Creating a Culture of Learning - #4

There is an ancient Chinese story, that tells of six blind men and an elephant. It has become popular in the last few years - but if you haven’t heard it, it reads below.

Once upon a time, there lived six blind men in a village. One day the villagers told them, "Hey, there is an elephant in the village today."

They had no idea what an elephant is. They decided, "Even though we would not be able to see it, let us go and feel it anyway." All of them went where the elephant was. Everyone of them touched the elephant.

© Radkys | Dreamstime Stock Photos & Stock Free Images
© Radkys | Dreamstime Stock Photos & Stock Free Images

"Hey, the elephant is a pillar," said the first man who touched his leg.

"Oh, no! it is like a rope," said the second man who touched the tail.

"Oh, no! it is like a thick branch of a tree," said the third man who touched the trunk of the elephant.

"It is like a big hand fan" said the fourth man who touched the ear of the elephant.

"It is like a huge wall," said the fifth man who touched the belly of the elephant.

"It is like a solid pipe," Said the sixth man who touched the tusk of the elephant.

They began to argue about the elephant and everyone of them insisted that he was right. It looked like they were getting agitated. A wise man was passing by and he saw this. He stopped and asked them, "What is the matter?" They said, "We cannot agree to what the elephant is like."

Each one of them told what he thought the elephant was like.

The wise man calmly explained to them, "All of you are right. The reason every one of you is telling it differently because each one of you touched the different part of the elephant. So, actually the elephant has all those features what you all said."

This simple little story reflects something important for all organisations today. If you want to create a culture of learning within your organisation, you must pursue and be open to collaboration. Learning is not an individual affair, and ideas will come from places that you least expect them.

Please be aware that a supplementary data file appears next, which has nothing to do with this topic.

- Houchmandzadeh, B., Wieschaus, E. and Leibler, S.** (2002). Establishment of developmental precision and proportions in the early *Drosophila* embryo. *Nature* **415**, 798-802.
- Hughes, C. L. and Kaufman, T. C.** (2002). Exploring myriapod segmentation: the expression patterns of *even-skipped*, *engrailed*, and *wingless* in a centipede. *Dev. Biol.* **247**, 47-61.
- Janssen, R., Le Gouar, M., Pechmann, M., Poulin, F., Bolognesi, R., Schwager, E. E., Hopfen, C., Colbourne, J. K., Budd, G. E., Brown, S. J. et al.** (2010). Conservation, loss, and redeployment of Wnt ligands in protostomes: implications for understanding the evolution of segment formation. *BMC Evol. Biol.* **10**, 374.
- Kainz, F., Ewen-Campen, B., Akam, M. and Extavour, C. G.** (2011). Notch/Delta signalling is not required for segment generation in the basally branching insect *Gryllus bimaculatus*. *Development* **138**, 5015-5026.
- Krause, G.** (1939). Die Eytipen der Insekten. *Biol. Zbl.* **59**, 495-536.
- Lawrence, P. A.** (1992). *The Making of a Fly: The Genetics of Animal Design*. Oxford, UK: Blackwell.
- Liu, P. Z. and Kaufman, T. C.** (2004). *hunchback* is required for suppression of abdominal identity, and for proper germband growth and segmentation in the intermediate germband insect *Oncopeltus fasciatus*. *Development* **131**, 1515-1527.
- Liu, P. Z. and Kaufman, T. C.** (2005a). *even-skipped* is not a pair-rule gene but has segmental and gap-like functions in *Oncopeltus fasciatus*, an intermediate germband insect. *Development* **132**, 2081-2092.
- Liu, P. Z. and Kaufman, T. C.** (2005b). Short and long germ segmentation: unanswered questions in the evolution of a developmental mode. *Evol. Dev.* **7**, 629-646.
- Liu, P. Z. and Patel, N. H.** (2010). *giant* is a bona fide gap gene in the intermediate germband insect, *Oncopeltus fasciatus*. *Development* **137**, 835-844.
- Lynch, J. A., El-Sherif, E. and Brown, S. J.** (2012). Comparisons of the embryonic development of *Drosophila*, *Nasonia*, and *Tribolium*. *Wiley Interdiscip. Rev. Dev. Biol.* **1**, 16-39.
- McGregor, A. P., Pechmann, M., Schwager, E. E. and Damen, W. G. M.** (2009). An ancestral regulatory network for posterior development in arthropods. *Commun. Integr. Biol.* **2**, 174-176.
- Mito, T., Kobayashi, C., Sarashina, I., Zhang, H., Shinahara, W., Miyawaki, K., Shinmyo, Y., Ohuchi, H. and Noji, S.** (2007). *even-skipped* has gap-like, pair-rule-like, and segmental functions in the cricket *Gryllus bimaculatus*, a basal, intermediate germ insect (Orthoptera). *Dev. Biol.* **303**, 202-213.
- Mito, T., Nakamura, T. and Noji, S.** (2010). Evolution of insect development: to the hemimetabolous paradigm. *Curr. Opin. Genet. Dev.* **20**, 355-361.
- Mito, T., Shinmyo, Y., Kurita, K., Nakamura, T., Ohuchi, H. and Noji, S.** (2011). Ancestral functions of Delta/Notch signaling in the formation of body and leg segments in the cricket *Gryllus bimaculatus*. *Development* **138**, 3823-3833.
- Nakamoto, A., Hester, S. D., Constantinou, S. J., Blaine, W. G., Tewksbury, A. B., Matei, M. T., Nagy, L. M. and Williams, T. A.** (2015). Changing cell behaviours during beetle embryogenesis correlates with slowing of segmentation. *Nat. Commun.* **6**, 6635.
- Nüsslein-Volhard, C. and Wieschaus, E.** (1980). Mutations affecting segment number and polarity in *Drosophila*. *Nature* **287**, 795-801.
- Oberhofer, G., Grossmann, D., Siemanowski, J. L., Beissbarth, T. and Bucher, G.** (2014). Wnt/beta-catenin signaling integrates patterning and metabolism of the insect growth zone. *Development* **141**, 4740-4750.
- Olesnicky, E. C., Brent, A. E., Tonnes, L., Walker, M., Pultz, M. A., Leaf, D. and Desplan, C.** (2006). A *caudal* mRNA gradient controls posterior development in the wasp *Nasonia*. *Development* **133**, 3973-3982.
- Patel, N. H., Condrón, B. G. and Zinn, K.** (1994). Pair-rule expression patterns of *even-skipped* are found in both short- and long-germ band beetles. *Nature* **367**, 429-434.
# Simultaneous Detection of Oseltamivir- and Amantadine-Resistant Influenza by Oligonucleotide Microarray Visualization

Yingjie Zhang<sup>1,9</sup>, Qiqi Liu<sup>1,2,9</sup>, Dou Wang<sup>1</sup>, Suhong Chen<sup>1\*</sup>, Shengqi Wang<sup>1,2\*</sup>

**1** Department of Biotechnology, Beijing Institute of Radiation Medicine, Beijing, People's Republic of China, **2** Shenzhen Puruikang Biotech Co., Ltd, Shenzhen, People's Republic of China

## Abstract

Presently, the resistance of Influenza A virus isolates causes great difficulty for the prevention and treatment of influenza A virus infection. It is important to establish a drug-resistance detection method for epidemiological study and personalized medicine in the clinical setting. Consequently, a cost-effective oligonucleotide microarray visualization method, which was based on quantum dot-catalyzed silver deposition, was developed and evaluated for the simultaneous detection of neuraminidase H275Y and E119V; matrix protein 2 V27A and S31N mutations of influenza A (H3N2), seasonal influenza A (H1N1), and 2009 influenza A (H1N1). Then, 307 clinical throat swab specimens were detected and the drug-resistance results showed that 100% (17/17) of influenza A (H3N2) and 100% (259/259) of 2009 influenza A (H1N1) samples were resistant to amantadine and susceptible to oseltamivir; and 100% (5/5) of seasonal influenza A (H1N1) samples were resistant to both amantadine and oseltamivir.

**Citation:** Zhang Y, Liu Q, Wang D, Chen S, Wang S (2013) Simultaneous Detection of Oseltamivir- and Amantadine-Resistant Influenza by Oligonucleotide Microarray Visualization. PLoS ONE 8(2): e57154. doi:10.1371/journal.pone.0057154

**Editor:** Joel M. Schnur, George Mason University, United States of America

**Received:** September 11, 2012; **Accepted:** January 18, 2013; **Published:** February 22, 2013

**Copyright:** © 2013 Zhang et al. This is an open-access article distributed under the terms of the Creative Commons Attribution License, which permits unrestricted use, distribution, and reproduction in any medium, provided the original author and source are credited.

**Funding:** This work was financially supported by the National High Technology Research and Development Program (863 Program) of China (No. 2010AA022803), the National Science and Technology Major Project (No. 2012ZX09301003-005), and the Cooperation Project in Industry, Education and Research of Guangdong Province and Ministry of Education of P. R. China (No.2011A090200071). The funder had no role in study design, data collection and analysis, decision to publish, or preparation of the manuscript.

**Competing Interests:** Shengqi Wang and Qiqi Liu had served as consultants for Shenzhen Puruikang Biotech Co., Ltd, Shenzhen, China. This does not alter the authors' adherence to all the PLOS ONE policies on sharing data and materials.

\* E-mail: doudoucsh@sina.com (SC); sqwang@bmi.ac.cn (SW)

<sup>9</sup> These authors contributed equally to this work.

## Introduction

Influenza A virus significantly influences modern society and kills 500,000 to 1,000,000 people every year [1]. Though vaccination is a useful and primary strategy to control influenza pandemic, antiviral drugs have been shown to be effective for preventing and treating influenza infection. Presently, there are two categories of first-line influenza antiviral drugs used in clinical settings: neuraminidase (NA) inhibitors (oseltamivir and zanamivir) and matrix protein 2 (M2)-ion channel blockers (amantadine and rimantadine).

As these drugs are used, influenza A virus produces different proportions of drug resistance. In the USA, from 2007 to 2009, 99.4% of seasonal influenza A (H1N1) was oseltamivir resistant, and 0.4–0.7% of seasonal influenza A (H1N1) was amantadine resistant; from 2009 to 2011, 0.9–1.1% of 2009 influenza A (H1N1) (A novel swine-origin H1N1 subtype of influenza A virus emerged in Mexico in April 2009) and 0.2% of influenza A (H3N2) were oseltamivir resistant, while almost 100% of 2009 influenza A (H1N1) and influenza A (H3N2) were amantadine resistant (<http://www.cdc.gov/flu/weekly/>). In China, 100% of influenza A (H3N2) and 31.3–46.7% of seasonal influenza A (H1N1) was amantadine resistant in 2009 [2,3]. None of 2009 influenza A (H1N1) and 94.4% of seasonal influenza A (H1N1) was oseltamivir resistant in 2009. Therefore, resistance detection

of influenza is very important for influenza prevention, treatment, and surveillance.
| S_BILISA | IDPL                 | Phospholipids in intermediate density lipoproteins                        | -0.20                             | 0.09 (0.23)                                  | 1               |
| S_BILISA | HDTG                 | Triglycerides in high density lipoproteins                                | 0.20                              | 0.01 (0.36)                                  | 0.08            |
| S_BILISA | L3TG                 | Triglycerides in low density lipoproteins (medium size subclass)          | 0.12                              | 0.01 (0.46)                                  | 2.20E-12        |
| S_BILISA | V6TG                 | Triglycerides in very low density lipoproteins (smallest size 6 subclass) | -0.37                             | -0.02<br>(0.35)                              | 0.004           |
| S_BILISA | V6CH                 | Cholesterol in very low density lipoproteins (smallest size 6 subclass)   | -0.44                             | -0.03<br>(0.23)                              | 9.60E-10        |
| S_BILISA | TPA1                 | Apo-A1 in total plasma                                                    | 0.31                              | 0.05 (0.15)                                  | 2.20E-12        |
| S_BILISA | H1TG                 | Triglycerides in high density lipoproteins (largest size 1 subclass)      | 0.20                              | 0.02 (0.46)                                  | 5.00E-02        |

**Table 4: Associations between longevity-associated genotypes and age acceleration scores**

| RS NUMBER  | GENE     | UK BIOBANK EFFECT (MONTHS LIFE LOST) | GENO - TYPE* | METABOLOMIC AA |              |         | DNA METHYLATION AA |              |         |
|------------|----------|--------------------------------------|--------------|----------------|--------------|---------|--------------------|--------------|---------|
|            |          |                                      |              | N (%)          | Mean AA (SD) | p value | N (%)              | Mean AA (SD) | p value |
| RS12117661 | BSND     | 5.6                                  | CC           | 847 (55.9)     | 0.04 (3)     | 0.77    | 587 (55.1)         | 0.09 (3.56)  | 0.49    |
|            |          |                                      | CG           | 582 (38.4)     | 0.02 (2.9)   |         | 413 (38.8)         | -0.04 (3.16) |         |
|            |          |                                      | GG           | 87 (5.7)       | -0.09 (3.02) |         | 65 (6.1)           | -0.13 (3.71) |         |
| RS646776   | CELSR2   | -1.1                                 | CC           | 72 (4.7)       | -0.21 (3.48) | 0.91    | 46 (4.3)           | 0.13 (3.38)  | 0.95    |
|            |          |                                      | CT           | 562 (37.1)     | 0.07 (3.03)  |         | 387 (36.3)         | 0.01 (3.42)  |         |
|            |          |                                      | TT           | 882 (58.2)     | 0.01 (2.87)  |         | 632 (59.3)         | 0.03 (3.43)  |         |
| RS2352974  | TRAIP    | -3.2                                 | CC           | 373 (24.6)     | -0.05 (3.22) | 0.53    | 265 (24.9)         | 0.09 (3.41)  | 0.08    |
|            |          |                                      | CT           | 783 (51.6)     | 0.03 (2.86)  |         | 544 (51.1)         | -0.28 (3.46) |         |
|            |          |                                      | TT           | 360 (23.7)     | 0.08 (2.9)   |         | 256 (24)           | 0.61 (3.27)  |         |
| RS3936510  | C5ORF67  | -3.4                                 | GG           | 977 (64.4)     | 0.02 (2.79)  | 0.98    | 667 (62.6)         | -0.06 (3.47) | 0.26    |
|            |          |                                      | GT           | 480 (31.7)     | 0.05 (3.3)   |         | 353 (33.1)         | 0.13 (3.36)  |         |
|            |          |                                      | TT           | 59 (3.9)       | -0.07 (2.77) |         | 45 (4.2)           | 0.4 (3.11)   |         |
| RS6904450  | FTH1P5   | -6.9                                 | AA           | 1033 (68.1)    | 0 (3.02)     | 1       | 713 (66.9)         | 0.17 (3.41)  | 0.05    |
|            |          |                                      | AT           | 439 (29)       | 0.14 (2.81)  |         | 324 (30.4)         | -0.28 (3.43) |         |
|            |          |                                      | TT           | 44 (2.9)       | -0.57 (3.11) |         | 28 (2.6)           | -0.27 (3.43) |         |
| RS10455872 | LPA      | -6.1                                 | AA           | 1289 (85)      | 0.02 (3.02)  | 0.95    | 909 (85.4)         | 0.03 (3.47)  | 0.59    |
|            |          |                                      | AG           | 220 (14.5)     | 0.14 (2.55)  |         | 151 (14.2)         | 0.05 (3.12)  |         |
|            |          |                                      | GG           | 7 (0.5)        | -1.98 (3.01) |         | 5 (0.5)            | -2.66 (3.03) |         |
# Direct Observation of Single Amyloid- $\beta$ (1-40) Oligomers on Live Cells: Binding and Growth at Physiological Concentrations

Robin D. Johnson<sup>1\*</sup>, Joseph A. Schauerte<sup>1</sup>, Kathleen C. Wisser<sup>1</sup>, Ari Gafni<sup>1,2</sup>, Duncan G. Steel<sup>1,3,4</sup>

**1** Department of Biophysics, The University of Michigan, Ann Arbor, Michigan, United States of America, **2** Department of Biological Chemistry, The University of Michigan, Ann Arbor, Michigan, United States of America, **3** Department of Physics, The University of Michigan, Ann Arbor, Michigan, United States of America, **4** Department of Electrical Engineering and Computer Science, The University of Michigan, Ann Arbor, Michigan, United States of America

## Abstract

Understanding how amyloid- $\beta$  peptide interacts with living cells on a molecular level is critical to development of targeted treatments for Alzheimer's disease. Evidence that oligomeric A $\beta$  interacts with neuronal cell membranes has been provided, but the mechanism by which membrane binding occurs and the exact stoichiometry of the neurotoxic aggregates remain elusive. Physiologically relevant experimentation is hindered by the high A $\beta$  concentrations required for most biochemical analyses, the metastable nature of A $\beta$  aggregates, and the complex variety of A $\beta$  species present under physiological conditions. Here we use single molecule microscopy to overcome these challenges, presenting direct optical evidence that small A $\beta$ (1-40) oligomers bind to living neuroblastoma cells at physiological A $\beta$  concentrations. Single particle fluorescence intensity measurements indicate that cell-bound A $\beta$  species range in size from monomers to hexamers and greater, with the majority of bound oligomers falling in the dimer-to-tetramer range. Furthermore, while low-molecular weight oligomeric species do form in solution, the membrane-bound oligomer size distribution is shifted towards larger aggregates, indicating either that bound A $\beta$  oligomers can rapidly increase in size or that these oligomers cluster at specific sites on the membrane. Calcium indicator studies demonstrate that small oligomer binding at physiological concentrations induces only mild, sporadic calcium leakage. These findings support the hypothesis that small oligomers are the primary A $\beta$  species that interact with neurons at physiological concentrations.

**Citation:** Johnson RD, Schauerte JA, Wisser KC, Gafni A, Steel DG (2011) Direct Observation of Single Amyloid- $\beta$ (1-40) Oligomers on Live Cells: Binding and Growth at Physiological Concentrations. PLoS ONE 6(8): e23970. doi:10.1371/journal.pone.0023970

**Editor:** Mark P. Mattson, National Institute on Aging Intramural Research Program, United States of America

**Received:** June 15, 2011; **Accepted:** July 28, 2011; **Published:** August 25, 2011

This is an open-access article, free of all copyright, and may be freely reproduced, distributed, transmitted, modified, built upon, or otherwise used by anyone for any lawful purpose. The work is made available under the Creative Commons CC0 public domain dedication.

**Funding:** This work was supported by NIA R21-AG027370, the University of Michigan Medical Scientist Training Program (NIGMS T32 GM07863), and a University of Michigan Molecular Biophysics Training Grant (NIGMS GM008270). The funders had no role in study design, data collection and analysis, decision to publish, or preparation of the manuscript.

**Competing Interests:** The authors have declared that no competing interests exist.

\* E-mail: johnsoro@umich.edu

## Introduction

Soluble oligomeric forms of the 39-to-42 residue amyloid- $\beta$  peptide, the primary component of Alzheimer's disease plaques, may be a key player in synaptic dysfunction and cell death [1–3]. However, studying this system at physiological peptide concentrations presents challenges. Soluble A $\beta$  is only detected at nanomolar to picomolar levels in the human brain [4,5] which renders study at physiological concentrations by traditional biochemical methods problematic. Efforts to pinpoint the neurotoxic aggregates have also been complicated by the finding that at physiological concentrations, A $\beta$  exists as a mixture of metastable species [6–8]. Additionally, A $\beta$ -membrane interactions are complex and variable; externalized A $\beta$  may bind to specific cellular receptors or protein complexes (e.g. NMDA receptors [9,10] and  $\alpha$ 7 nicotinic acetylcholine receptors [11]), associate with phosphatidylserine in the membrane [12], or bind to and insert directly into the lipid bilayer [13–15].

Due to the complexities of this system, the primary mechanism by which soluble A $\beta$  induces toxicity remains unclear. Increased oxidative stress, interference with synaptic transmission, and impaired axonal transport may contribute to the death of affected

Collaborating with your questions will get you in contact with people who will have different answers to yours. This will challenge your assumptions, and force your brain to create new links to synthesise the new ideas. It is in this process that new ideas will develop.

Collaborative training exercises are an excellent catalyst to kick-start a team based learning-culture within your organisation, but here are a few more ideas to begin with.

Go For A Walk

Most organisations shape their physical workspace around the teams that need to work together. This makes excellent sense to create efficient communication between the relevant groups. A downside of this, however, is it tends to limit idea-creation and learning to these physical spaces - and also limits key relationships to the people in your immediate vicinity.

The simple act of walking to another area, and learning names of staff members who work there can be a big step for creating a learning culture. Once you have learnt their name and their passions, it will be much easier to share ideas and wrestle with questions together - rather than cold-calling them in the middle of their day.

Look Down

Organisational flow-charts and hierarchical structures may be a necessity for efficiency, but they do not have to create arbitrary communication blocks between people. Remember - it is much easier to take the first step in collaborating with people who are lower than you on the organisational flow-chart - and they are unlikely to initiate these conversations with you.

Creating a discussion group which involves people from the warehouse, maintenance, HR, marketing, and top-flight executives will create ideas that would not happen otherwise.

Be Open

The whole point of creating a learning culture is so your organisation can generate more ideas, and create more opportunities to compete. This means that you are admitting that you need the help of others, and need ideas that you would not have discovered alone! Be open to this, and be open to new learning ideas and opportunities - even if your initial reaction is negative. This requires humility and the ability to listen - essential skills for any learner!